Back to school means a chance to rethink teen marketing


Traditional back to school marketing revolves around offers on backpack and lunchbox items, but new insight from the National Schools Partnership shows teachers are crying out for brands to do so much more.

There is no escaping those awkward teenage years when budding schoolyard romances were thwarted by the demons of puberty – spots, breaking voices, sweaty armpits, and of course, the super sensitive issues of periods and sex.

There, I said it, those two words that are thrown about carelessly in the schoolyard but are painfully and reluctantly spoken about in the classroom. Many teachers aren’t able to talk about it in-depth, according to the results of a National Schools Partnership survey of 102 secondary school teachers in May and June this year.

While 29% of teachers in the survey admitted there were gaps in the provision of teaching about puberty, they outlined the main reasons as a lack of time, as well as missing the training and confidence to deliver this type of teaching.

Enter brands. Brands are already involved in sponsoring things like school sports and arts schemes, or providing practical finance awareness to students, but the teachers in this survey were crying out for brands to help them support their teenage students when it came to physical and sexual education.

84% said they would appreciate resources from brand manufacturers, ranging from more information on websites (68%), lesson plans (65%), worksheets (63%), and even product samples (61%). 57% said they would appreciate visits from trained staff from a brand organisation, and 34% would be interested in receiving teacher training on these topics.

Some brands might take this as an invite to start sending samples of spot treatment to their local high schools, but it’s about more than just that, but offering the brand up as a trusted advisor of accurate, unbiased information – something the survey said teachers were concerned about in terms of the social media sources students currently supplement their school-based information from.


And while some may say it’s an extra step that brands can’t be sure will pay off, it’s a step that doesn’t take much more than enhancing the social media and digital strategies some obvious brands have already put in place.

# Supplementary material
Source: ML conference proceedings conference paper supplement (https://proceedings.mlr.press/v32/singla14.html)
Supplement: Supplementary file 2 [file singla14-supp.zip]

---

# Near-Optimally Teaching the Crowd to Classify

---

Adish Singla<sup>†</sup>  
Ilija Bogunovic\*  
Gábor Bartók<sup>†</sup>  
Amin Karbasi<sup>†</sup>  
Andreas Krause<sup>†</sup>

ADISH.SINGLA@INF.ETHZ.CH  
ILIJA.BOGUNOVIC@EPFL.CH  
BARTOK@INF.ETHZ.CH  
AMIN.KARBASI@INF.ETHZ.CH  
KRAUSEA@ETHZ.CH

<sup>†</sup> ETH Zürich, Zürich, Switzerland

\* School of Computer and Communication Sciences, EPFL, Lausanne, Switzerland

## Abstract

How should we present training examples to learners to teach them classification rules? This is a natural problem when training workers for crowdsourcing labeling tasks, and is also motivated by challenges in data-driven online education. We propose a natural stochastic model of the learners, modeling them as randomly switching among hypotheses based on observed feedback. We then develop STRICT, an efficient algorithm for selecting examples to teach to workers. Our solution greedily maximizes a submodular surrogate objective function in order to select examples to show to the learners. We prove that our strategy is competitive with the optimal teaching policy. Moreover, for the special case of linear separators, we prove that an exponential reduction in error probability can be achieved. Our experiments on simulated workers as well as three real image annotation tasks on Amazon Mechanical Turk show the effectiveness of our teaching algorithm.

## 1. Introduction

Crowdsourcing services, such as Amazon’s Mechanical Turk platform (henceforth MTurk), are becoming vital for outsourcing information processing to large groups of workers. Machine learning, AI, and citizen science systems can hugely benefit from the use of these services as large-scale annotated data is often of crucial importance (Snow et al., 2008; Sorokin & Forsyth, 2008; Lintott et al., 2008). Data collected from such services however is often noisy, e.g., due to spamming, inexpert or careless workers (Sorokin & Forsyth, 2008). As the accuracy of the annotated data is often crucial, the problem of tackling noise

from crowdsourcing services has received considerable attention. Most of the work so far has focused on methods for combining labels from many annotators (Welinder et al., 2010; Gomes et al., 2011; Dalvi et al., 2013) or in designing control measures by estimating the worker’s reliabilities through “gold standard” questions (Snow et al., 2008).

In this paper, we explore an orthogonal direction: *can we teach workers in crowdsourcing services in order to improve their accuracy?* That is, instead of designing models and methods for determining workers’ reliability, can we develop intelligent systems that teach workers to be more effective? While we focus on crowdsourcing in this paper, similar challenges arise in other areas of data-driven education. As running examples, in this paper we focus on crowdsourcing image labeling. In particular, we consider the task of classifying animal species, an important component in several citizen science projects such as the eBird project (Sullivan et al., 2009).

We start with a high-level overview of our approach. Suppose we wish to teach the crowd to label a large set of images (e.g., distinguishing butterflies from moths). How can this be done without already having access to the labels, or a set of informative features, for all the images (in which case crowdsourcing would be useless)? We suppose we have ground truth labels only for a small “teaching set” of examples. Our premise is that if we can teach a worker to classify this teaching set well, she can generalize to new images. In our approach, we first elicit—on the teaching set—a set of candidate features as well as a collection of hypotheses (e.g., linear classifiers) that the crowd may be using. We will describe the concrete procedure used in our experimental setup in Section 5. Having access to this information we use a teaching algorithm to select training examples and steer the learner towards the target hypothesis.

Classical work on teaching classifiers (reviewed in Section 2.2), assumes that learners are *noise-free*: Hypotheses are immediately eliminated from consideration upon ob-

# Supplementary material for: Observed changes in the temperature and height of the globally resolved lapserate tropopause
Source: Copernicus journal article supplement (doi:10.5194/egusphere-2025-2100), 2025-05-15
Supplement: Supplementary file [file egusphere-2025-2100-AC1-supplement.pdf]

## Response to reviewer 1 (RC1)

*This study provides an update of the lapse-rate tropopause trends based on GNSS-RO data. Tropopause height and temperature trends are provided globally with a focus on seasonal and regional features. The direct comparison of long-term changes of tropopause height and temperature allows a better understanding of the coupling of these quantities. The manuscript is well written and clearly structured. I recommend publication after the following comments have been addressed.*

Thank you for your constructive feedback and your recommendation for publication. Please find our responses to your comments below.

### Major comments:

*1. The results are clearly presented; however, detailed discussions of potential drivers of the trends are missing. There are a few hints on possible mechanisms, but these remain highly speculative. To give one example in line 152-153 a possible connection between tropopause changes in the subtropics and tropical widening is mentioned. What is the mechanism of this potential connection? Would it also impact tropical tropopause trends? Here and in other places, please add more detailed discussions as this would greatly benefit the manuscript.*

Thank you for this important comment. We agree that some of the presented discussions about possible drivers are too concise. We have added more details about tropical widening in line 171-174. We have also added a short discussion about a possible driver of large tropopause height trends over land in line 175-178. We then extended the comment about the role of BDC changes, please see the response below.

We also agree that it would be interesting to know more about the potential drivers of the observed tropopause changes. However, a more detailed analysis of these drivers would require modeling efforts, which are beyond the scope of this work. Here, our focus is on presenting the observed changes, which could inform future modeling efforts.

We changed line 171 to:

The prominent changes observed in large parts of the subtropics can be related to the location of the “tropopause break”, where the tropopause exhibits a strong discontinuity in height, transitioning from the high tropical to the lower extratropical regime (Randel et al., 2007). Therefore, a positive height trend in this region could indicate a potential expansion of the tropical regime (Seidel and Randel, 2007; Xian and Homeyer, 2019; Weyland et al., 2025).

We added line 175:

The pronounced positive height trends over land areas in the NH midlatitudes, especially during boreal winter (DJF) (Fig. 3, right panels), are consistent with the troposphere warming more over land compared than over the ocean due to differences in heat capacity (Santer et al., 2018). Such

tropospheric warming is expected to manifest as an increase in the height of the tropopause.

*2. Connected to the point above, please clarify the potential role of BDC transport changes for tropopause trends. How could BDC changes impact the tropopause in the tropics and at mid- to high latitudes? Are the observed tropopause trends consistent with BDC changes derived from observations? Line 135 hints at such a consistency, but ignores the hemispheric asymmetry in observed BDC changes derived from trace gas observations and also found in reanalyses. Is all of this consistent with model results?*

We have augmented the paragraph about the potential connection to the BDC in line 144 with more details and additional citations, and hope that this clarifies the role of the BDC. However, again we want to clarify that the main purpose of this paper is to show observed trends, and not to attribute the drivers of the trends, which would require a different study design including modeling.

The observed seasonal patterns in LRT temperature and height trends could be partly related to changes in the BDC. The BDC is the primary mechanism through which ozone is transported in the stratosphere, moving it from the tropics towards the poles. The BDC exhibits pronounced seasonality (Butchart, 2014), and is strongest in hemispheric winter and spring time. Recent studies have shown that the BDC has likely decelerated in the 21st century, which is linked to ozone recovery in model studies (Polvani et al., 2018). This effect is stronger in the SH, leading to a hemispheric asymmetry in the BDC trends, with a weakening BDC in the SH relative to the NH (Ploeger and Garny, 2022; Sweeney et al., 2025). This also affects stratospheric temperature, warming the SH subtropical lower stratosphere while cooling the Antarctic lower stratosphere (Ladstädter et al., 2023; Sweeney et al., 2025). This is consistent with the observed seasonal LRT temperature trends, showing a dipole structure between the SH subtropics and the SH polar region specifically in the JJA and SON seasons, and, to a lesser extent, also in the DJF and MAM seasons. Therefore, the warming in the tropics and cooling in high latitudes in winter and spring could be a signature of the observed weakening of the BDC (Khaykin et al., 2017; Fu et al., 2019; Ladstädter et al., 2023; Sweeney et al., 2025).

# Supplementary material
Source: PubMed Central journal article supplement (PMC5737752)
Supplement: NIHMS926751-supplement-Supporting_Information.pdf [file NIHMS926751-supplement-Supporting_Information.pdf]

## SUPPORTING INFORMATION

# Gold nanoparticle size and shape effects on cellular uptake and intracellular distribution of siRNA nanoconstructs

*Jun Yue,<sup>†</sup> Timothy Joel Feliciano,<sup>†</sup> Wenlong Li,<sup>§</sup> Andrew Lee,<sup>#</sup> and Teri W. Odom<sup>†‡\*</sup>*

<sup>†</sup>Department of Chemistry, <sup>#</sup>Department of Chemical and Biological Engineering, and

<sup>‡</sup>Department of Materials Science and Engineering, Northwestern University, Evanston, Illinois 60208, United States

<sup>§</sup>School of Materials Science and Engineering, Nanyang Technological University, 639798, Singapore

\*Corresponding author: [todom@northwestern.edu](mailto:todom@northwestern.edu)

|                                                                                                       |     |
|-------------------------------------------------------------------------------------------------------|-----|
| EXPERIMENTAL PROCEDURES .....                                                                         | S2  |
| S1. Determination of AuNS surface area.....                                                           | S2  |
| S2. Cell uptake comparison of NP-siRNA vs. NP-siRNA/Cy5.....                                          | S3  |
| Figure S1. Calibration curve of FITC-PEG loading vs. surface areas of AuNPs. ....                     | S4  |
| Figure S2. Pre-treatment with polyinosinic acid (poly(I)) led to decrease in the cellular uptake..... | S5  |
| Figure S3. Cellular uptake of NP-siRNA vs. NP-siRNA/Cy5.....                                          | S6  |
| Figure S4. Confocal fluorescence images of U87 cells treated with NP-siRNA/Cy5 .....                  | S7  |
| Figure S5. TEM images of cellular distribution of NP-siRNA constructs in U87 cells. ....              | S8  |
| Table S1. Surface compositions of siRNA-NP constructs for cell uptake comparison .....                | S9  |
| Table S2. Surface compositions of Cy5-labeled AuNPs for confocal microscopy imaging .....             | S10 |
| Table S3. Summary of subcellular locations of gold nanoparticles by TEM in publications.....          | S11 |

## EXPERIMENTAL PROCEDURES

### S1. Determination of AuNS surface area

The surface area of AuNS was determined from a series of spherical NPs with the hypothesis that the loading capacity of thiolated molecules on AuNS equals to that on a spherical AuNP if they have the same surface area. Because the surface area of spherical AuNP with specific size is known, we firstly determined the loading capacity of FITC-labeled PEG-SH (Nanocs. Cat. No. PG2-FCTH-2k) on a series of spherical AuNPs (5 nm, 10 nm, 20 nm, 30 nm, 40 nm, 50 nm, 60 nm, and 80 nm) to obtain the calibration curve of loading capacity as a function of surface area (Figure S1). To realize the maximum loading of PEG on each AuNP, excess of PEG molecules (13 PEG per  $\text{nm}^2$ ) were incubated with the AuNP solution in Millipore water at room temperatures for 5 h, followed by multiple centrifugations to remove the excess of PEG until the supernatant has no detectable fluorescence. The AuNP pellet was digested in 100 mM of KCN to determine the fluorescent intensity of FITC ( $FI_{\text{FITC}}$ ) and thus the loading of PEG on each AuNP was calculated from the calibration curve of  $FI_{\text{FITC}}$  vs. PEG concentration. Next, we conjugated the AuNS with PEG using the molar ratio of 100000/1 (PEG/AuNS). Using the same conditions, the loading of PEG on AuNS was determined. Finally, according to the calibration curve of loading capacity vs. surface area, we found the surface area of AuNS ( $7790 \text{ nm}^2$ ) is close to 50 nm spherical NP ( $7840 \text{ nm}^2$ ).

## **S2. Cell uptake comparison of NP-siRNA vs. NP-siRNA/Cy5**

Female sanitary brand U by Kotex, for example, hosts an online forum for girls to post embarrassing and funny stories, while skincare brand Clearasil’s website answers a range of FAQs, and condom brand Durex also hosts an online forum to discuss users’ issues.

It’s a logical social media engagement strategy, and ramping up this outreach to take formal programmes into schools to provide their expertise not only endears the brand early to a new generation of potentially lifelong advocates, but to the wider community from a PR perspective.

It’s a tactic being favoured in emerging markets, with brands from big conglomerates such as Unilever and Kimberly Clark undertaking roadshows in Africa to spread brand awareness alongside tutorials of health and hygiene, to provide a service and not just an advertising campaign.

They might be addressing more basic needs in emerging markets, but similar principles can be applied here in the UK to help put both teachers’ and students’ minds at ease. Gaining brand buzz, PR opportunities, new advocates and loyalists; it’s a win-win situation – all brands have to be prepared to do is brace themselves to take on the most awkward of teenage issues confidently.

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